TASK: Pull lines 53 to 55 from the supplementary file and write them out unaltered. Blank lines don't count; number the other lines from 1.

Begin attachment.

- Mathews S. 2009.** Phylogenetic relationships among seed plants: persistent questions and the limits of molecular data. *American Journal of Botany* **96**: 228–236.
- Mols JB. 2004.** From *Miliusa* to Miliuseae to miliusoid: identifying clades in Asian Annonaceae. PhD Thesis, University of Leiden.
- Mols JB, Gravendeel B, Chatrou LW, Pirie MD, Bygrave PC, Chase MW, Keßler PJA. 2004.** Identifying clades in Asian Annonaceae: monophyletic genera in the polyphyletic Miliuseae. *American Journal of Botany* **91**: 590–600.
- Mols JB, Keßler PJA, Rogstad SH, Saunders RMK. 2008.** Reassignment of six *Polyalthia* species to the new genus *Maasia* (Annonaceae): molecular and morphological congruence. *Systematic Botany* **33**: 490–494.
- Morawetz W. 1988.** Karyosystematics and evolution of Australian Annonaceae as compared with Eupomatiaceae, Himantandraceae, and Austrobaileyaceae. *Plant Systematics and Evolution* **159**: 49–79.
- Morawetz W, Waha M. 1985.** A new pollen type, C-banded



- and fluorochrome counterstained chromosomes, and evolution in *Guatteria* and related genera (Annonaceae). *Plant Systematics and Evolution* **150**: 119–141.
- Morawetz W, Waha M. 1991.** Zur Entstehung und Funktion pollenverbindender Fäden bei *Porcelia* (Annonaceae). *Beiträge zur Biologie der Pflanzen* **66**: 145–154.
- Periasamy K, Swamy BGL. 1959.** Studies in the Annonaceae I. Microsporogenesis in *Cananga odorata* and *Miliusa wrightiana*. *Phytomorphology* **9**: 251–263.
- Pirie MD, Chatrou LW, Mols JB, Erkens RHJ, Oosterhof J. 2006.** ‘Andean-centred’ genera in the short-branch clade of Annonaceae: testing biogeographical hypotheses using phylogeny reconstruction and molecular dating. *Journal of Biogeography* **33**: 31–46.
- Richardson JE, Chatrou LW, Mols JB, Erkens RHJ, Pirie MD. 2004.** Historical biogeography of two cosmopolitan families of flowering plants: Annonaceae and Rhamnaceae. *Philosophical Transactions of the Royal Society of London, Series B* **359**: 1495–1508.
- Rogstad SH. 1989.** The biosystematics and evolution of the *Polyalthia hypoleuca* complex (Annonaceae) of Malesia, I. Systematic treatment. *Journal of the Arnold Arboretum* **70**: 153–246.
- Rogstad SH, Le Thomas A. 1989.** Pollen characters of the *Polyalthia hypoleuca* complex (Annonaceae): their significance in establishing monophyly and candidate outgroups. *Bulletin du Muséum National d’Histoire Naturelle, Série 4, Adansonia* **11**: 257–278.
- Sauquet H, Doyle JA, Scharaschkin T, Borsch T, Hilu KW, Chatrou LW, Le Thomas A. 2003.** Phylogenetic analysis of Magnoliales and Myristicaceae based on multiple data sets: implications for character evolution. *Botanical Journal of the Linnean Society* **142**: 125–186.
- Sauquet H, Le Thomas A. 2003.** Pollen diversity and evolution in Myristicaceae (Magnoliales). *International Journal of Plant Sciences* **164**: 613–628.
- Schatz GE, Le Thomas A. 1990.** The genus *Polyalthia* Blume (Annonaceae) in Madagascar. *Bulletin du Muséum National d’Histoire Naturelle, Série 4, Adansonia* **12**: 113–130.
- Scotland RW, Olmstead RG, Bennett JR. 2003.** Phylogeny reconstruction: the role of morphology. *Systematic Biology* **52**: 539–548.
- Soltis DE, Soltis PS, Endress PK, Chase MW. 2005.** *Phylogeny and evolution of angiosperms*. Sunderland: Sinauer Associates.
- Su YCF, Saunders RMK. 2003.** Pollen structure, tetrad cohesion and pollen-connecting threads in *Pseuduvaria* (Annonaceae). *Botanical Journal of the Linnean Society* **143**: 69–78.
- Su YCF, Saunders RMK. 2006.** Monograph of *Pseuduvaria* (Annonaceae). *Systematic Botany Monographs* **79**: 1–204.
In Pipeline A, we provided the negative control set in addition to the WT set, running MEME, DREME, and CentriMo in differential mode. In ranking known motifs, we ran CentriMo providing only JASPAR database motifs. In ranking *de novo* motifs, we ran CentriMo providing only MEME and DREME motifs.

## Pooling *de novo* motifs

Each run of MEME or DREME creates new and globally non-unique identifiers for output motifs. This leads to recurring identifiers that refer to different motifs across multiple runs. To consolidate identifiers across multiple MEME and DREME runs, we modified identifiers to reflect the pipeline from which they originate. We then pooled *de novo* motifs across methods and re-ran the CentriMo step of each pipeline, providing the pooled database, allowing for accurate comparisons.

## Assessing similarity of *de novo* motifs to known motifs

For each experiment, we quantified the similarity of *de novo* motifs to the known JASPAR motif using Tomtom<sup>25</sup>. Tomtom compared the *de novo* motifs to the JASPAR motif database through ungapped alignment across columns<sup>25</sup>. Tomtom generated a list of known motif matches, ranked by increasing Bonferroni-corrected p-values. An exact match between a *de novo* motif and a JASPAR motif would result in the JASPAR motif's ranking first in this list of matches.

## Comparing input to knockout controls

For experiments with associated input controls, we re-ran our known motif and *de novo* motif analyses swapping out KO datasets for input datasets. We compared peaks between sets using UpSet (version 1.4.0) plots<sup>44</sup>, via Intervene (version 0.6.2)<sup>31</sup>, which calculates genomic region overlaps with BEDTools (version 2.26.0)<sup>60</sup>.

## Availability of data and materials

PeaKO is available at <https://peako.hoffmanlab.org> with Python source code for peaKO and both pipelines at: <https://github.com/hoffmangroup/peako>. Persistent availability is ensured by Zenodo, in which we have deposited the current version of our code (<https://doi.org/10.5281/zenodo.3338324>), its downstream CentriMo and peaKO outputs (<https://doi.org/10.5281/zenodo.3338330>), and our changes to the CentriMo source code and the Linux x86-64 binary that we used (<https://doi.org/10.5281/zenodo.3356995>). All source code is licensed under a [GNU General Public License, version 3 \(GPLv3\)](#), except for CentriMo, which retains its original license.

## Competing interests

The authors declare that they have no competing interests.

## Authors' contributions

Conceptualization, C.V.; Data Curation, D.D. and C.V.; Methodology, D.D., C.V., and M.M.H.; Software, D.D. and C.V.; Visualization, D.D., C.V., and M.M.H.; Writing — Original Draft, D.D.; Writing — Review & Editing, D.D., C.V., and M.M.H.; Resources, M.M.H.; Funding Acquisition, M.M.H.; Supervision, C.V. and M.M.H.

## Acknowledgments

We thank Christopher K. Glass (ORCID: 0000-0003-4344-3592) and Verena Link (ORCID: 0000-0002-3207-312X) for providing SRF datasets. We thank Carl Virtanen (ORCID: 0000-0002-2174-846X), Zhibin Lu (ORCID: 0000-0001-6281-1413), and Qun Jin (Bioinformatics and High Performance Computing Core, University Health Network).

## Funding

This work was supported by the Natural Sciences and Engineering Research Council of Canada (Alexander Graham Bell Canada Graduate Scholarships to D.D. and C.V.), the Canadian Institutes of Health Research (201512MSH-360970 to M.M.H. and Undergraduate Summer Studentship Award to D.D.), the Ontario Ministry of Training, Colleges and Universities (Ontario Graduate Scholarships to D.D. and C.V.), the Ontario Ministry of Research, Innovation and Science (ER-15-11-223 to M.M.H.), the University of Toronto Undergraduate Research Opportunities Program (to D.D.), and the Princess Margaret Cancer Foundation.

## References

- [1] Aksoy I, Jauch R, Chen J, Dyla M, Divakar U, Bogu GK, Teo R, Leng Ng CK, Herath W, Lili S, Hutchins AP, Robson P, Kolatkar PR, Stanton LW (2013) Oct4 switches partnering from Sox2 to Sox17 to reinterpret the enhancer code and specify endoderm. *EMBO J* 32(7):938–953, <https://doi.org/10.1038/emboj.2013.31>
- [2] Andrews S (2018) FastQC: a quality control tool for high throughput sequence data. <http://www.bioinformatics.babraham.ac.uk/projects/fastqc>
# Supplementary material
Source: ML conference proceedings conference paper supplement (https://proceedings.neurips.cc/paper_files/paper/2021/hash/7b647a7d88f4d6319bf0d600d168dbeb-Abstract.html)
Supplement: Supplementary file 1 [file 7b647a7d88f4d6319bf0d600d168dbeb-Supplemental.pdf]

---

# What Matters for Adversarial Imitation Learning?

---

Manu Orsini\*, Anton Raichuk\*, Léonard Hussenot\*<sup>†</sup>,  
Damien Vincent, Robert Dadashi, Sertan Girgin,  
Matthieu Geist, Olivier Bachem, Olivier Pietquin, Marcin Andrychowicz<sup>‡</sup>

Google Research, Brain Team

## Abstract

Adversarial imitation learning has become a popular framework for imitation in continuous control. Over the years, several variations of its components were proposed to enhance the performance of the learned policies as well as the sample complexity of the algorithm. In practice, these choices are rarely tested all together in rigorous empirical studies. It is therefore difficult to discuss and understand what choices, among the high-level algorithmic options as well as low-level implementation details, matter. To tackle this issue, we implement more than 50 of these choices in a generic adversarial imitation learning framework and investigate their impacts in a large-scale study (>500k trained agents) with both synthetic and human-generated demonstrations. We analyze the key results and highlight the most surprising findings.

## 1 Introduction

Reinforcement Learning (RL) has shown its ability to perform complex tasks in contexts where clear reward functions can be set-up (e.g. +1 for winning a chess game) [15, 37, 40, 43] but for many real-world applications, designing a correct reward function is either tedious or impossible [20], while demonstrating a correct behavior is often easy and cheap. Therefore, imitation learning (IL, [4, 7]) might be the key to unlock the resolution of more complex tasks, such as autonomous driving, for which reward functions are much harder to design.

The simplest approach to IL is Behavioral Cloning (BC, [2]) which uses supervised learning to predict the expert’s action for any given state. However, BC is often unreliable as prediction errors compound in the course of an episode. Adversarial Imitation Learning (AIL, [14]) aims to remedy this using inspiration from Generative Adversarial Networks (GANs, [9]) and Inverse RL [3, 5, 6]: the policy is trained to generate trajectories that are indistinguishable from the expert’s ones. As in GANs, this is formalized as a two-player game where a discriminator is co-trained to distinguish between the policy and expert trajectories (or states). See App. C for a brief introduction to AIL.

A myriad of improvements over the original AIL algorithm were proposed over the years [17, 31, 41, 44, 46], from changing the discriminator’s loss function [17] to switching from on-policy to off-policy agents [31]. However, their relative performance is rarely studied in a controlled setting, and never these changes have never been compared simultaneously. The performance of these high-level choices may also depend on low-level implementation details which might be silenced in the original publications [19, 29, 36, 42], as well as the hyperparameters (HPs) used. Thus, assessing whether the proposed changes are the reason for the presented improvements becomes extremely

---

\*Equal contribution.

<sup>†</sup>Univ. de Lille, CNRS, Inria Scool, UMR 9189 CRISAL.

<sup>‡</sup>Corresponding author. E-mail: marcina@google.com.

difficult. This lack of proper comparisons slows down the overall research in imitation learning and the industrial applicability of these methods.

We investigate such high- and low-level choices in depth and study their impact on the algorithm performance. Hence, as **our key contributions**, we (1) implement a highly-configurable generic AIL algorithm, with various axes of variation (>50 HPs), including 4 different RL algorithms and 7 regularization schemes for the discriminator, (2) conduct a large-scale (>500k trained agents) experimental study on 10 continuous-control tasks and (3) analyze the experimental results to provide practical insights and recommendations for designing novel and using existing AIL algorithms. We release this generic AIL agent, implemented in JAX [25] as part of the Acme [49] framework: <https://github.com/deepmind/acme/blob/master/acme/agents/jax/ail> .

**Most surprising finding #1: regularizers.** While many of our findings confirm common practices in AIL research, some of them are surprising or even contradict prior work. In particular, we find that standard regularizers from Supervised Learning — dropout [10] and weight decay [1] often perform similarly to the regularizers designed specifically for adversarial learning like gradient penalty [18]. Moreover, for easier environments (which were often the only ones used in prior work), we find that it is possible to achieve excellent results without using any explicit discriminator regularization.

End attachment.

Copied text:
## 1 Introduction

Reinforcement Learning (RL) has shown its ability to perform complex tasks in contexts where clear reward functions can be set-up (e.g. +1 for winning a chess game) [15, 37, 40, 43] but for many real-world applications, designing a correct reward function is either tedious or impossible [20], while demonstrating a correct behavior is often easy and cheap. Therefore, imitation learning (IL, [4, 7]) might be the key to unlock the resolution of more complex tasks, such as autonomous driving, for which reward functions are much harder to design.

The simplest approach to IL is Behavioral Cloning (BC, [2]) which uses supervised learning to predict the expert’s action for any given state. However, BC is often unreliable as prediction errors compound in the course of an episode. Adversarial Imitation Learning (AIL, [14]) aims to remedy this using inspiration from Generative Adversarial Networks (GANs, [9]) and Inverse RL [3, 5, 6]: the policy is trained to generate trajectories that are indistinguishable from the expert’s ones. As in GANs, this is formalized as a two-player game where a discriminator is co-trained to distinguish between the policy and expert trajectories (or states). See App. C for a brief introduction to AIL.